Flaws in EU gas rationing plan revealed

Cold weather may pose a challenge to the bloc’s solidarity, The Economist suggests
Flaws in EU gas rationing plan revealed

The EU’s gas rationing plan approved on Tuesday may not stand the test of a cold winter, The Economist wrote on Wednesday.

A “meagre” cut to gas consumption will not solve the continent’s problems, the publication wrote, referring to the plan that will see most EU nations voluntarily reduce their use of natural gas by 15% between August 1 and March 31 next year.

The deal was struck as fears grow over a possible halt of Russian gas supplies. At the moment the Nord Stream 1 pipeline, a key artery that carries natural gas from Russia to Germany, is operating at 20% capacity. Russian energy giant Gazprom cites technical issues with turbines as the reason for the reduced flow. However, the EU believes that Moscow is using gas to exert political pressure on the bloc. An alternative route via Ukraine has been restricted by Kiev.

The main reason for the rationing is to “ensure that a shortfall of Russian gas does not leave homes unheated or factories shuttered”, The Economist writes, but according to the publication, its success largely depends on the weather.

“If the coming winter is mild, the EU may scrape by. But if it is cold the bloc will have to prove that it can hold together when times are hard. Germany in particular will need to show solidarity with other member countries. It sits at the center of Europe’s network of gas pipelines. Will it, for instance, allow gas to flow to the Czech Republic to keep people from freezing there if that means its factories have to go on furlough?” the publication writes, adding that at the start of the coronavirus pandemic in 2020 some European countries, including Germany, imposed bans on exports of protective gear to avoid shortages at home.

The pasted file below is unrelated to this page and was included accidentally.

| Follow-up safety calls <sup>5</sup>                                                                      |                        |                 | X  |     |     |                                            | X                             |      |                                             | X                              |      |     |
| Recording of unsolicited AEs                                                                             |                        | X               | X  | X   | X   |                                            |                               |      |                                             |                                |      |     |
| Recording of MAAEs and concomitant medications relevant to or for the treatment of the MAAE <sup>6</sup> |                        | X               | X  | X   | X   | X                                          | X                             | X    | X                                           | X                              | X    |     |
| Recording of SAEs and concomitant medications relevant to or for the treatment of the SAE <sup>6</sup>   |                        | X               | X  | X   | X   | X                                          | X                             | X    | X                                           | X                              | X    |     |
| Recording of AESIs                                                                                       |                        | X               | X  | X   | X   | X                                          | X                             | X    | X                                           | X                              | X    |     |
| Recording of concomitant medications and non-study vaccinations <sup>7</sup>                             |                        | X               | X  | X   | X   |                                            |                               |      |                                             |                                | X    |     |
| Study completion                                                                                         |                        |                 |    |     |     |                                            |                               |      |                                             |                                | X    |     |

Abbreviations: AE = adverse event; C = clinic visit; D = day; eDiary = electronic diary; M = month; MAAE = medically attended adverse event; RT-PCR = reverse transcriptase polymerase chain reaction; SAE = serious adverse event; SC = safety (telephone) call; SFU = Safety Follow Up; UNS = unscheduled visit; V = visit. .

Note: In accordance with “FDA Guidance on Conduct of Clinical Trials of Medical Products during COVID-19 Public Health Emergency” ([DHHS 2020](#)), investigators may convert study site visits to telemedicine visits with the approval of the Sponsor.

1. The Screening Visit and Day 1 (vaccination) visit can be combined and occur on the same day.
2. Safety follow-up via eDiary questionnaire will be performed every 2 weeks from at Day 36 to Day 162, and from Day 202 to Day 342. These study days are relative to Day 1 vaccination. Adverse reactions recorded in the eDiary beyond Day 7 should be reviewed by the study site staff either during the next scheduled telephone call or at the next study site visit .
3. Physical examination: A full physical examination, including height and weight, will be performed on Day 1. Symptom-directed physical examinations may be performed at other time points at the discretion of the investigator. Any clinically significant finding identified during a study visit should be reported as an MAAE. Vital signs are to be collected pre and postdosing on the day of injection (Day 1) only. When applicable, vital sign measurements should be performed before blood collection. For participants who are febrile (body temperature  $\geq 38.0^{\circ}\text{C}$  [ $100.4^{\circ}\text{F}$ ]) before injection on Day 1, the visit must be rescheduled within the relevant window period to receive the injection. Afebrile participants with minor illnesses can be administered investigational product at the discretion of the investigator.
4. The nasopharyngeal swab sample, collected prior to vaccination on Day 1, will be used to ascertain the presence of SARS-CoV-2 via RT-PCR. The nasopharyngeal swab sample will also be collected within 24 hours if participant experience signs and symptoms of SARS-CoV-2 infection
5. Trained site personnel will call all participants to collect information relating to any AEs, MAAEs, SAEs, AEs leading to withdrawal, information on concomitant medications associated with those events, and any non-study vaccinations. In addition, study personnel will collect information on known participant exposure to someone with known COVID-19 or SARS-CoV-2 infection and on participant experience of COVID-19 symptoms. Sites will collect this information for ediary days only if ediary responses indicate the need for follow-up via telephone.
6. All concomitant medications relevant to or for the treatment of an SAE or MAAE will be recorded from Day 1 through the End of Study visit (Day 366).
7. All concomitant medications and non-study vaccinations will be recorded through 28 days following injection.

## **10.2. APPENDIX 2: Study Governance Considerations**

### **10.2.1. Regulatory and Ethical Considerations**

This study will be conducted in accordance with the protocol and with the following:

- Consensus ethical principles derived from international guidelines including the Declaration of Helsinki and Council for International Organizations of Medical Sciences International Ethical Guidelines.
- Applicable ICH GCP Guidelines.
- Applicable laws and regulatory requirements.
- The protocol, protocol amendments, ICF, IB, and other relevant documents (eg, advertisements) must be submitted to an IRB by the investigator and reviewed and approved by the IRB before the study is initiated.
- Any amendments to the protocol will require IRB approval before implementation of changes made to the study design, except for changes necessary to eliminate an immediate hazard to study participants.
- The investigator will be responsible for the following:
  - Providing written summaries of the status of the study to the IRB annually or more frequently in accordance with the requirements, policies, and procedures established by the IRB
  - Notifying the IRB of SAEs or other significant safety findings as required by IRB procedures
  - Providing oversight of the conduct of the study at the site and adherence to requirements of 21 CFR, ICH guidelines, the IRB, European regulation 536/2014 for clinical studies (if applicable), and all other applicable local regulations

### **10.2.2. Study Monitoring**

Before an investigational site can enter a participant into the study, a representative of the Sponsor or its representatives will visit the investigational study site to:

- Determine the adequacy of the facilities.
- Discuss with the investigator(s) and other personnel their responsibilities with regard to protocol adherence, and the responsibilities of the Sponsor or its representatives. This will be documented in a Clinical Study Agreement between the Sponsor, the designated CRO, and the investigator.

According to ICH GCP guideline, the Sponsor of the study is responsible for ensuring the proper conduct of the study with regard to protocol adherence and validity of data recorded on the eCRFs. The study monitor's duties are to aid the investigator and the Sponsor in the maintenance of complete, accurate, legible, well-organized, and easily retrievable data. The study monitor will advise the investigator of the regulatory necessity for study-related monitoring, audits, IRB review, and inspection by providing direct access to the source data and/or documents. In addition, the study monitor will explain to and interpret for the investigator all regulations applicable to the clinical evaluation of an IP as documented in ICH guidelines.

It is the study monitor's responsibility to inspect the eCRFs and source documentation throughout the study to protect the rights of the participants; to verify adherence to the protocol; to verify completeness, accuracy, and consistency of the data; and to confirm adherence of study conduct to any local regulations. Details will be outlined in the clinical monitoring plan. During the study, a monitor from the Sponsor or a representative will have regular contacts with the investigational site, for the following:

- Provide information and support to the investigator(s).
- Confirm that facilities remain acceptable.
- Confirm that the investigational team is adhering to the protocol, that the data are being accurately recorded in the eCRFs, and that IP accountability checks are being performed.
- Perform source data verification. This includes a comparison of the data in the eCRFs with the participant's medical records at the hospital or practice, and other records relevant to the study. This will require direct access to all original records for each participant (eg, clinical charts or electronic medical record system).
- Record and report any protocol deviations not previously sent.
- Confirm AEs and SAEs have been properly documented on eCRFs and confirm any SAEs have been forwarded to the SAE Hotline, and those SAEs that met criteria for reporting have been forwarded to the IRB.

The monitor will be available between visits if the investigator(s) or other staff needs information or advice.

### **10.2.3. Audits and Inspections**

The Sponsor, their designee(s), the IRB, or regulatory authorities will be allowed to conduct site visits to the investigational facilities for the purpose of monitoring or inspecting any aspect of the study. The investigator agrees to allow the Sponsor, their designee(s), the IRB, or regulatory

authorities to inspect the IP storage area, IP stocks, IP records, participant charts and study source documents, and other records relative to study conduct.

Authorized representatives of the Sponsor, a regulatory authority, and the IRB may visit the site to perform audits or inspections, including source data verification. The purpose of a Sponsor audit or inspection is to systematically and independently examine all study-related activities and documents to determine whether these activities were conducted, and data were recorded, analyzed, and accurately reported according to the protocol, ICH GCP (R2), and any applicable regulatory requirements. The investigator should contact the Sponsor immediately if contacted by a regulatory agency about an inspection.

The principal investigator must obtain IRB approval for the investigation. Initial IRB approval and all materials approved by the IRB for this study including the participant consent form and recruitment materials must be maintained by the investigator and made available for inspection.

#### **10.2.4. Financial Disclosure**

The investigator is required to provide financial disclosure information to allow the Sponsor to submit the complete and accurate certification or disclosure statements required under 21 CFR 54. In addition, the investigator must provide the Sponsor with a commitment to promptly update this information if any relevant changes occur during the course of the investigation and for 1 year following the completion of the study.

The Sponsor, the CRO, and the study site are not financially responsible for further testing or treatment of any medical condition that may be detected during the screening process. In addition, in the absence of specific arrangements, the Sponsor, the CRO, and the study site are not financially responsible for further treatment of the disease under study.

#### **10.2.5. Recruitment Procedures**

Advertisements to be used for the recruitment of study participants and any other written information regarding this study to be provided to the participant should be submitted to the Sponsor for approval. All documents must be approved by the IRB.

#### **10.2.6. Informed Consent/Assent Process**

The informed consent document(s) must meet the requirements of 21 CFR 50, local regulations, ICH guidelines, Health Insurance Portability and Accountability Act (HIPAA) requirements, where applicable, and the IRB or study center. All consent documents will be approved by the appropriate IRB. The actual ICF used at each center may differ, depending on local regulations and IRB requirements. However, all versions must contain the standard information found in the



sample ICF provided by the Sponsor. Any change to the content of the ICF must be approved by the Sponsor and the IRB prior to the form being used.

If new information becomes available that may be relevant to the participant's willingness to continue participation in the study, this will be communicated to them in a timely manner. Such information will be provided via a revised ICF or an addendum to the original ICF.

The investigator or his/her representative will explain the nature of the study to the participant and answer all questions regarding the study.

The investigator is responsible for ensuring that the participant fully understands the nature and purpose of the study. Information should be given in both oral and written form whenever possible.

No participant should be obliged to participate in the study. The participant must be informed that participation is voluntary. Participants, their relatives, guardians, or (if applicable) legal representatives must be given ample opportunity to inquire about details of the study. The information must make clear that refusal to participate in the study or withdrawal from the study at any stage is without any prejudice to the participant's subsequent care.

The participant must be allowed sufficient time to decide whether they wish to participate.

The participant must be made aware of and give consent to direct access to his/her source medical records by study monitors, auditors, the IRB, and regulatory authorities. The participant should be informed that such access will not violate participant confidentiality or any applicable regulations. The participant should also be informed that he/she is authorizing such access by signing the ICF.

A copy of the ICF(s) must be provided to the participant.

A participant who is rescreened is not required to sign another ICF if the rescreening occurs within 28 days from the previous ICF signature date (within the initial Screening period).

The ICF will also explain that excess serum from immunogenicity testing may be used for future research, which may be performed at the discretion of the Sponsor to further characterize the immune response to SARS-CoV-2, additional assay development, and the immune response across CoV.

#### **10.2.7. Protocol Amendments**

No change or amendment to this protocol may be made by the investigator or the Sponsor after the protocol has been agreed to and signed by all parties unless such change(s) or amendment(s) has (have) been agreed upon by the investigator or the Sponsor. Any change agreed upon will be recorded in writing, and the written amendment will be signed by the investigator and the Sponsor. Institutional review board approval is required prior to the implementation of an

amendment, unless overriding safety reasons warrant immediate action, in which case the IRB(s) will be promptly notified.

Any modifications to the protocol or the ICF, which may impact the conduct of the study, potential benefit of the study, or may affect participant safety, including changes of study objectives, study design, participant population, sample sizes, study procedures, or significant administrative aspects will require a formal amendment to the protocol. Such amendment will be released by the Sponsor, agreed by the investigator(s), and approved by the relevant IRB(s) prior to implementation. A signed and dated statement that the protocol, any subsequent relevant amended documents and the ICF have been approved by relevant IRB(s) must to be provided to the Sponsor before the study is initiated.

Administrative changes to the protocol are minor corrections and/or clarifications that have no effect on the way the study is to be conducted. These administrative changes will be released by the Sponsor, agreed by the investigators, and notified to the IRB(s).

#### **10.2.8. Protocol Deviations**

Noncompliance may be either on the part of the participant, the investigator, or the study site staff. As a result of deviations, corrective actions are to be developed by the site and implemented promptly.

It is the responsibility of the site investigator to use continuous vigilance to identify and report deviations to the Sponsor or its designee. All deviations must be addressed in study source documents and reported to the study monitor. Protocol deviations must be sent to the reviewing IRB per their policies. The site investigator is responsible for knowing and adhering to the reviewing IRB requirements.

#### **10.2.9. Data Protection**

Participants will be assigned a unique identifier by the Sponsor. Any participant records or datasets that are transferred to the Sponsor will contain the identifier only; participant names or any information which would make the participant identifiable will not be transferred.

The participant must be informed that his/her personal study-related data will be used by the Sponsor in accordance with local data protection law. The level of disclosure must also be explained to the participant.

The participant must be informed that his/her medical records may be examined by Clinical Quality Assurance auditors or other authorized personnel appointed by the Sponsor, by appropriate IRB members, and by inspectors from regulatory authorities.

US fears for EU unity amid gas cuts – CNN

The plan has several other weaknesses, The Economist notes, such as different levels of exposure to Russian gas among the nations.

Before its approval, a number of countries including Italy, Hungary, Poland, Portugal and Spain voiced their concerns, saying that they had already cut consumption, citing a lack of connection to Europe’s gas pipeline network and the fact that decisions on energy are usually a national issue, Bloomberg wrote earlier. The approved plan came with some exemptions, with Spain and Portugal reportedly allowed to use just 7% less gas. Other concessions were made too but proved not enough to get the plan unanimous approval, with Hungary voting against it.

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